Authors: Brooke Moss
Baby & Bump
Book one in the
This & That Series
by Brooke Moss
All rights reserved. Printed in the United States of America.
No part of this book may be used or reproduced in any form, or by any means electronic or mechanical, including photocopying, recording, or by any information storage or retrieval systems, without prior written permission from the author
For inquiries, please contact the Brooke Moss, at
Cover art by: Brooke Moss
Edited by: Meggan Connors,
Published by: Brooke Moss, CHP
ISBN ebook: 978-1-939976-01-7
ISBN print: 978-939976-02-4
The author acknowledges the copyrighted or trademarked status and trademark owners of the following wordmarks mentioned in this work of fiction: Dora the Explorer; 16 and Pregnant; My Little Pony; The Muppets; Eastern Washington University; Fifty Shades of Grey; Cabbage Patch Dolls; Red Door; Jello; Tic Tacs; The Lawrence Welch Show; Food Network; YouTube; Alka Seltzer; Doppler; The Bachelor; Doogie Howser; QVC; Funyuns; Hermes; The Maury Povitch Show; Disney on Ice; Aliens; Sesame Street; Micheal Korrs; Graceland; Dungeons & Dragons; Oldsmobile; Valentino; Little House on the Prairie; BMW; Carrot Top; Dancing With the Stars; Volk
swagen; Red Cross; Hot House; Kotex; Libman; Washington State University; Taebo; Cosmopolitan Magazine; People Magazine; Hamburger Helper; Sex in the City; Lifetime Network; Beverly Hills 90210; Gatorade; Tupperware; Chicklets; Real Housewives; Levis; Angus Beef; iPod; iPhone; As The World Turns; Kool Aid; Toyota Sentra; Chuck Taylors; CNN; CIA; Victoria’s Secret; and Michael Kors, Gap Kids.
For my mom.
(Not as nuts as Patsy Baump, but every bit as devoted to her children.)
Peeing on a stick isn’t nearly as simple as the women in the commercial make it out to be, especially in a pair of four-inch heels and a pencil skirt.
In the commercials, women emerge from a perfectly clean restroom wearing head-to-toe virginal white, while carrying thei
r positive tests across their breezy living rooms. They pause by the open windows, where air lifts the gauzy curtains and blows back their long, flowing hair. Gazing off into some distant, sun-filled meadow, they smile serenely and wrap their arms around themselves as if relishing their God-given gift of procreation. Their faces seem to say, “
I am a giver of life. My husband and I have created tangible proof of our undying union.”
Never once in those commercials
do the sticks drip urine all over their hands like mine did. And those women aren’t late for a meeting with prospective clients. They don’t collapse onto the floor with their skirt jacked up to their waists crying, “No. Oh, please, God. No. No, no, no, no, no…”
And in the commercials the women don’t smell their friend’s breakfast and dry heave.
“And so help me,
if you fry one more egg on my stove, I will choke you with the toaster cord. Do you understand me
till chewing on said fried egg sandwich, my friend and coworker, Marisol, popped her head through the creaky bathroom door. “What’s your problem?”
Upon finding me in a heap on the floor, curled in a ball with my backside covered in
mint green granny panties, she added, “Good Lord, you’re never going to find yourself a man wearing drawers like that, now are you?”
Yup. That was how I found out
I would be a giver of life.
“You should go see my obstetrician. He’s fabulous.”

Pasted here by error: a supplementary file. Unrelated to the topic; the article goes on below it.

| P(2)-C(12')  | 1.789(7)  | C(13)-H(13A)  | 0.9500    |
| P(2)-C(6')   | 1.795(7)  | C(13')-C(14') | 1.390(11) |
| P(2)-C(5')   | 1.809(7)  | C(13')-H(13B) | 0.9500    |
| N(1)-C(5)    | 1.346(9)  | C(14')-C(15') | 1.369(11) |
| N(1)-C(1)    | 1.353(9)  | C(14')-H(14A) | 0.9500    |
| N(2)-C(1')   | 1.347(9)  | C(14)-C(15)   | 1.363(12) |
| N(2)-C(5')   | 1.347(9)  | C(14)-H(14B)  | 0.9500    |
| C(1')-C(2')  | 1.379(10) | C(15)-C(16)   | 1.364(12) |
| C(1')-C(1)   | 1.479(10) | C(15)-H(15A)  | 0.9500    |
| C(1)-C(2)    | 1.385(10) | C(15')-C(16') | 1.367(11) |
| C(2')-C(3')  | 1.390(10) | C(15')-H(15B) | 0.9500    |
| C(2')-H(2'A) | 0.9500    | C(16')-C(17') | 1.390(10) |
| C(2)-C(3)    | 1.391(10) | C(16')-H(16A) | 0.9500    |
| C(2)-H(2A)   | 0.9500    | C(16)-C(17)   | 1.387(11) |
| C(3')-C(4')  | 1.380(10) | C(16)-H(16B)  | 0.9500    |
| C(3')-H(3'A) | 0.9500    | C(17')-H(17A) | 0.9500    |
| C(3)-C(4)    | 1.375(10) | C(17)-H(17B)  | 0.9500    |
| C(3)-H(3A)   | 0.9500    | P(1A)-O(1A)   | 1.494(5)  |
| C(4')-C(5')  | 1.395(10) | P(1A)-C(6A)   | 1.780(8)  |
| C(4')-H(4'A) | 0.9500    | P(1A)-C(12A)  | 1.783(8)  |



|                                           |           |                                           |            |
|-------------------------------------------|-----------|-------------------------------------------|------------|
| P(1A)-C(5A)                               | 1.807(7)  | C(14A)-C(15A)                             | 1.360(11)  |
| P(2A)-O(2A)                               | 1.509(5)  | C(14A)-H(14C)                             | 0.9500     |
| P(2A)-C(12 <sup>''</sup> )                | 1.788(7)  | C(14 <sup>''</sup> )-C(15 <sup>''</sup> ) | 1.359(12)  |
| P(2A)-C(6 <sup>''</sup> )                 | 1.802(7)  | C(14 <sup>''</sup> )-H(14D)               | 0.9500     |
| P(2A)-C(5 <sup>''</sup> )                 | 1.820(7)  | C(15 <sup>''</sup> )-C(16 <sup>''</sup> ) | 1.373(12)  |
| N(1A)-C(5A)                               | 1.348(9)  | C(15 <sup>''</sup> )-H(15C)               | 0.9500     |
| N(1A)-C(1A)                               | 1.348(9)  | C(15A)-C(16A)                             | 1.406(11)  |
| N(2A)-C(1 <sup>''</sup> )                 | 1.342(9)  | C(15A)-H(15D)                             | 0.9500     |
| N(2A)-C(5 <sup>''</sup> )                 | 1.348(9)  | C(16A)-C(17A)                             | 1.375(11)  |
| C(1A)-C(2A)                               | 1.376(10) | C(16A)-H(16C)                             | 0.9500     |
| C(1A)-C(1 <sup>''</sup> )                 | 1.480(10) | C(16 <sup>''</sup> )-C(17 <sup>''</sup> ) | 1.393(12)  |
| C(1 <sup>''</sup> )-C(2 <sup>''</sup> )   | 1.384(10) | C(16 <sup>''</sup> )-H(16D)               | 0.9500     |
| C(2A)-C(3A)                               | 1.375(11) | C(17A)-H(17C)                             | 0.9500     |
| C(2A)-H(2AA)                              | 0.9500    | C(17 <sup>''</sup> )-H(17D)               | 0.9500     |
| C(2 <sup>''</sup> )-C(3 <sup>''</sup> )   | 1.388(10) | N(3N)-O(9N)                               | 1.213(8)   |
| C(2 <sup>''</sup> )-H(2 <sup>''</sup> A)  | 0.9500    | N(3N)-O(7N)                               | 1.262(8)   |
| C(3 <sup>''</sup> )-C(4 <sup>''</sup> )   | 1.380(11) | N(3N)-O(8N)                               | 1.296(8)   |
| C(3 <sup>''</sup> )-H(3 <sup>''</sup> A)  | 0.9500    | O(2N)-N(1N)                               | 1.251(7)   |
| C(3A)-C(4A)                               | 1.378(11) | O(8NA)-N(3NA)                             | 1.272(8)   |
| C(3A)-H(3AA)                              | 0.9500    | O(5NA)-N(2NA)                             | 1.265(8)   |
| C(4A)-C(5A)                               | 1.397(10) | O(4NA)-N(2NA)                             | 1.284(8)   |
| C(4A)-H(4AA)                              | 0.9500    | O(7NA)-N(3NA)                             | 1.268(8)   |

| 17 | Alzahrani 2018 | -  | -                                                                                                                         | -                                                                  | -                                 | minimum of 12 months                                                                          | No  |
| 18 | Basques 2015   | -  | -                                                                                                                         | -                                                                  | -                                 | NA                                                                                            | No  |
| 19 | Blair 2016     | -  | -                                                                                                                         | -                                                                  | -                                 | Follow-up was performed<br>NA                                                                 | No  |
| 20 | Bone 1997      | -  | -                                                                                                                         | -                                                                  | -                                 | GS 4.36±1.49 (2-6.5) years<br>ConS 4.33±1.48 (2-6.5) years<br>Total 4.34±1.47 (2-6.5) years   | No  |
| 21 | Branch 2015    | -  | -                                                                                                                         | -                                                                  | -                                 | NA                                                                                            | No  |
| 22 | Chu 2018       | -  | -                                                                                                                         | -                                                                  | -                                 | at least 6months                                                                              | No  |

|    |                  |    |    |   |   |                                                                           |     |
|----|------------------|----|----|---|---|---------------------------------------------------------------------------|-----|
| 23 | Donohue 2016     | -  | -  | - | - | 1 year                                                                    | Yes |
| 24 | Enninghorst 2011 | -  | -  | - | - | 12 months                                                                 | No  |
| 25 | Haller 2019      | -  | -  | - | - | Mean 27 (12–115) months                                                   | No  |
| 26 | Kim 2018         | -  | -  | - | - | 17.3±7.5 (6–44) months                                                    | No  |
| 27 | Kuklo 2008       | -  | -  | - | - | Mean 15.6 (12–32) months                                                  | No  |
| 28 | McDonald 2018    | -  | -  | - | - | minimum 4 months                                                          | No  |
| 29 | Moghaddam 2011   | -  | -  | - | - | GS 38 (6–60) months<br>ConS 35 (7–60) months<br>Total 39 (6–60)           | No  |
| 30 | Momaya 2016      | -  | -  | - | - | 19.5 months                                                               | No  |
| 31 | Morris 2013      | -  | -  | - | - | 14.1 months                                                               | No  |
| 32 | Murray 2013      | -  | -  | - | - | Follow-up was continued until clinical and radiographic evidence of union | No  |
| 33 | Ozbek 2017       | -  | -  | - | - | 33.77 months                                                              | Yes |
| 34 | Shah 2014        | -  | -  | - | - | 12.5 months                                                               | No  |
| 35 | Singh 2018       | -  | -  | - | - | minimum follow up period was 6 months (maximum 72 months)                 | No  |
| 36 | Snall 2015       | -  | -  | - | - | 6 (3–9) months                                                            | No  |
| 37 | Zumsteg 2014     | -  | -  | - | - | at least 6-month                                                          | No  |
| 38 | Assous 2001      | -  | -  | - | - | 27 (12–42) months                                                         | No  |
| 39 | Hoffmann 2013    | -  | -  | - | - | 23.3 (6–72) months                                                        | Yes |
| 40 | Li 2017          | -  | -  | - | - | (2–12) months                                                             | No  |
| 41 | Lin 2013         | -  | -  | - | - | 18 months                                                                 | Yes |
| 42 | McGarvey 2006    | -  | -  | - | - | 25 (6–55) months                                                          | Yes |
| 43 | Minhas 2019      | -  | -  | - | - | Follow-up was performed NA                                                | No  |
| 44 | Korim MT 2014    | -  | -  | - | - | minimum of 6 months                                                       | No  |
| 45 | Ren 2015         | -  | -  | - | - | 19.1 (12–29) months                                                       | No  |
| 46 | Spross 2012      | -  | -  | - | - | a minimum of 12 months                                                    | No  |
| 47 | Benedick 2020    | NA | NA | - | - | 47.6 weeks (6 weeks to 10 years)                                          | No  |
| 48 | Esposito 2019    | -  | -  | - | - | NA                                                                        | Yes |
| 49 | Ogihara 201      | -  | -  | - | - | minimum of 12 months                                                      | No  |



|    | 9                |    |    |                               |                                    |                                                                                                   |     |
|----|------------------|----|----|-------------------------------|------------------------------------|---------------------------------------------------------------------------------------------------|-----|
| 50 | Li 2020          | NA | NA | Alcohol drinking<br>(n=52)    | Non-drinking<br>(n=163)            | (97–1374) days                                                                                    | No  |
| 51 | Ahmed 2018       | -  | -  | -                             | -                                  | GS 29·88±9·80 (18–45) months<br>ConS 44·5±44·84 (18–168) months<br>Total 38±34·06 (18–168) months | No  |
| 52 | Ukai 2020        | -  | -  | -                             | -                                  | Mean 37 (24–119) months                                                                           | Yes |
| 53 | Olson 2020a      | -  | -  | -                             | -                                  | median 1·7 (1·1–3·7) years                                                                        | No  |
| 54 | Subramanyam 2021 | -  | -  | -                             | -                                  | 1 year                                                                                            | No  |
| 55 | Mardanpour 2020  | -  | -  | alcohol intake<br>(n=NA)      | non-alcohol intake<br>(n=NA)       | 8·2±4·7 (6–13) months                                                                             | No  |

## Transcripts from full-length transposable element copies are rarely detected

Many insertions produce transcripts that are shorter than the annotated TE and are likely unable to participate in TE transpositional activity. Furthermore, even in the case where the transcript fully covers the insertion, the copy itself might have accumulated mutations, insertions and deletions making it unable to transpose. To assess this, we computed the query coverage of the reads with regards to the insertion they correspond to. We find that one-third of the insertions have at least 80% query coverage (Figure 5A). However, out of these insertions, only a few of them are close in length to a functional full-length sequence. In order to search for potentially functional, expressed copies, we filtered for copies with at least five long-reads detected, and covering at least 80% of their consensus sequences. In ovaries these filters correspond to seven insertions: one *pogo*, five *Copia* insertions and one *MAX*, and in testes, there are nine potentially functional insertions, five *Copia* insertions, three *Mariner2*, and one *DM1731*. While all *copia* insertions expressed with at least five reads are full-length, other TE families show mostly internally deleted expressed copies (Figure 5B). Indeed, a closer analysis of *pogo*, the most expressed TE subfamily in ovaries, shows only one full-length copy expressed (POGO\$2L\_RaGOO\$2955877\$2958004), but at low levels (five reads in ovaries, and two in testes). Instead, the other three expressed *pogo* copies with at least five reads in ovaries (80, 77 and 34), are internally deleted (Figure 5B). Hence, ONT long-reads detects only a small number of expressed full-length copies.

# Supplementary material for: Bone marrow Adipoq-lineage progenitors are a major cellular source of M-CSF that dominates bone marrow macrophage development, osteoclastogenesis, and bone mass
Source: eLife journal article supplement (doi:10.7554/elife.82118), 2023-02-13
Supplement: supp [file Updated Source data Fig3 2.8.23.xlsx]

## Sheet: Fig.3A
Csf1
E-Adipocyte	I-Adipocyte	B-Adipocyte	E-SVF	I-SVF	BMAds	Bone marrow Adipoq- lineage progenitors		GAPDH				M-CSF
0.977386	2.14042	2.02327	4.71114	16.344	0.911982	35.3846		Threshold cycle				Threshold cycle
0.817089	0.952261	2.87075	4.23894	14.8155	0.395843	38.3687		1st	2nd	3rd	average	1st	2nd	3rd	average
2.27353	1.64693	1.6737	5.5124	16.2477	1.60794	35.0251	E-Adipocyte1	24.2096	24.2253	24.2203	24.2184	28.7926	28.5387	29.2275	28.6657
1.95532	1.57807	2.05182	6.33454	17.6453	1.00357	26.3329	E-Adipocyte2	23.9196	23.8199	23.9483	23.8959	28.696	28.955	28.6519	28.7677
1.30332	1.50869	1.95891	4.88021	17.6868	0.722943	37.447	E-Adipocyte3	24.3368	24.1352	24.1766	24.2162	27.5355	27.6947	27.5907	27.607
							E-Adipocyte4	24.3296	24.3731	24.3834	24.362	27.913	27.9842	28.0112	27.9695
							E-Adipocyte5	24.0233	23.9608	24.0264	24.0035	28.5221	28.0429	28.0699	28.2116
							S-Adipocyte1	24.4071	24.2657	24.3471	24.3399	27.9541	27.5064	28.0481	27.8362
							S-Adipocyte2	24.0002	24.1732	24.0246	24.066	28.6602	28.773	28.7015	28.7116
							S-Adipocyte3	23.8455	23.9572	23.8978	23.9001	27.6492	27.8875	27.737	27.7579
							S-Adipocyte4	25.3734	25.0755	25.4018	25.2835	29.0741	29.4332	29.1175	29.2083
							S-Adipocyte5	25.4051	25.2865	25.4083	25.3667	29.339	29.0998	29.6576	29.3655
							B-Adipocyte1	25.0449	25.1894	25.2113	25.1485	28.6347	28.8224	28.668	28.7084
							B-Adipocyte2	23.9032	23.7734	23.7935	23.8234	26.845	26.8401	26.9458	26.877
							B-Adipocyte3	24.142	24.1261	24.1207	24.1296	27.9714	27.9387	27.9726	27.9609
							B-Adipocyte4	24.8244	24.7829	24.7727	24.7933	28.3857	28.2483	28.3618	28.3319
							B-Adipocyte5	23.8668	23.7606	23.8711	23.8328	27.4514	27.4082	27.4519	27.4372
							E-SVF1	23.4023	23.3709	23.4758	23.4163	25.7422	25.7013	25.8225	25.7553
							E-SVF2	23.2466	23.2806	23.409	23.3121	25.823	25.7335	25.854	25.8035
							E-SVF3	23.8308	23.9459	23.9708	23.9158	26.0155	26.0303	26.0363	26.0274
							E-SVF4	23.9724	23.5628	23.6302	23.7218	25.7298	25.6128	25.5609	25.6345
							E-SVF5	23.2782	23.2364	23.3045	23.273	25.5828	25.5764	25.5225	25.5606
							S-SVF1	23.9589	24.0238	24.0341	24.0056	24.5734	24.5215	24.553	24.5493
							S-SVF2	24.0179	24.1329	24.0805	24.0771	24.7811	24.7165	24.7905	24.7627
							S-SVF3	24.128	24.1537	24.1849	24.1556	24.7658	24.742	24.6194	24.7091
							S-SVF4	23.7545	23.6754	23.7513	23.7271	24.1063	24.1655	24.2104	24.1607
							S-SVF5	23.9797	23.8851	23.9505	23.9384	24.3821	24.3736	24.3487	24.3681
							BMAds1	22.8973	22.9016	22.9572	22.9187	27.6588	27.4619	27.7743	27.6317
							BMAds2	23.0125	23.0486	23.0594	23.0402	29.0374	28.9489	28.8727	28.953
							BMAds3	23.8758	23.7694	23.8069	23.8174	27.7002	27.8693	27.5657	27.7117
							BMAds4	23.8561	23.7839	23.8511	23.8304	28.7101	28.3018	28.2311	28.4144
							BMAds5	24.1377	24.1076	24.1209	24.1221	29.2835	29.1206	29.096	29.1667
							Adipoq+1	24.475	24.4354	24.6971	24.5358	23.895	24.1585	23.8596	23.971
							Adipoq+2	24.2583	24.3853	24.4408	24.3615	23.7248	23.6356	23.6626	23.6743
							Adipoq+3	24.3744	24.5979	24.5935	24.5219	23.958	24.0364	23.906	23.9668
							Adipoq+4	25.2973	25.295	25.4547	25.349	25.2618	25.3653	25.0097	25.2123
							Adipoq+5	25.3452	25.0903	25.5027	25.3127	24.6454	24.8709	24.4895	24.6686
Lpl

I looked up from my plate of saltine crackers at my cousin
, Candace. She was stir-frying tofu and pea pods, the steam rising off the wok just enough to make her skin glisten and her wavy blonde hair dance. Candace was the only woman in the world who made being a housewife with three children under the age of five look hot. Seriously, it was a wonder we were from the same gene pool.
“I literally just found out this morning. This baby is approximately the size of the eye of a needle, and you’re wanting me to go to an obstetrician?”
I shuddered at the aroma of fried tofu, and stuffed a cracker into my mouth.
“You need to get on some prenatal vitamins stat,”
she announced wisely. She went back to chopping onions and tossed it into the mix.
My nostrils flared when the
scent hit the air. “I really don’t want to think about seeing an obstetrician right now.”
“So, does that mean you’re giving some thought to an abortion?” Marisol asked
as she emerged from the bathroom. Her glossy curtain of mahogany hair swung as she sauntered to the kitchen table and sat next down to me.
Candace pointed her spatula at her. “Could you be
more cavalier about this?”
Marisol plopped down i
n a chair and looked around, her caramel brown eyes fluttering with feigned innocence. “What? Oh, sorry. So what’s the deal, Lexie? Are you gonna keep it?”
stomach whirled like a dryer on spin, and I grabbed another cracker. “I haven’t really had very long to think about it, but I think so.”
Candace put down her spatula and pressed a hand to her heart. “I can’t believe this is happening. You’re going to be a mo
ed her eyes. She didn’t have what some would call a “maternal instinct” like Candace did. Growing up, Candace worked in the nursery at church and babysat for all of the neighborhood kids. Marisol spent her adolescence sneaking cigarettes in the girls’ room and practiced “tongue kissing” with the neighborhood boys.
Me? I was somewhere in the middle. I
’d enjoyed watching little kids for extra money, but also enjoyed the attention of an occasional boy, as well.
“Yeah…” My voice shook, and I took a sip of the ginger ale sitting in front of me.
I couldn’t believe it, either. Not that I didn’t want to be a mother. I’d spent my fair share of time gazing at baby booties and bassinets as my thirties approached. But when my marriage went down in a ball of flames before I’d even hit twenty-five, I’d assumed my chance at motherhood was permanently out of reach.
Candace gasped, jerking me out of my thoughts and back into her steamy kitchen. “Have you told your mom yet? Oh, Aunt
Patsy is going to love being a grandma.”
I felt the color drain
from my face. “She’s going to love being a grandma after she gets done raking me over the coals for being a single, unwed mother to her only grandchild.”
My mother had been waiting for entirely too long for grandchildren. I have two brothers
, and she’d expected procreation from at least one of us a long time ago. Since my brothers hadn’t reproduced yet, all of the pressure fell onto my own thirty-year-old eggs. My little brother, Darren, who was five years my junior, was less interested in children and more interested in dating every single woman in eastern Washington. His job selling cell phones at the mall paid his bills just enough to keep the electricity on and a plentiful supply of beer in his fridge.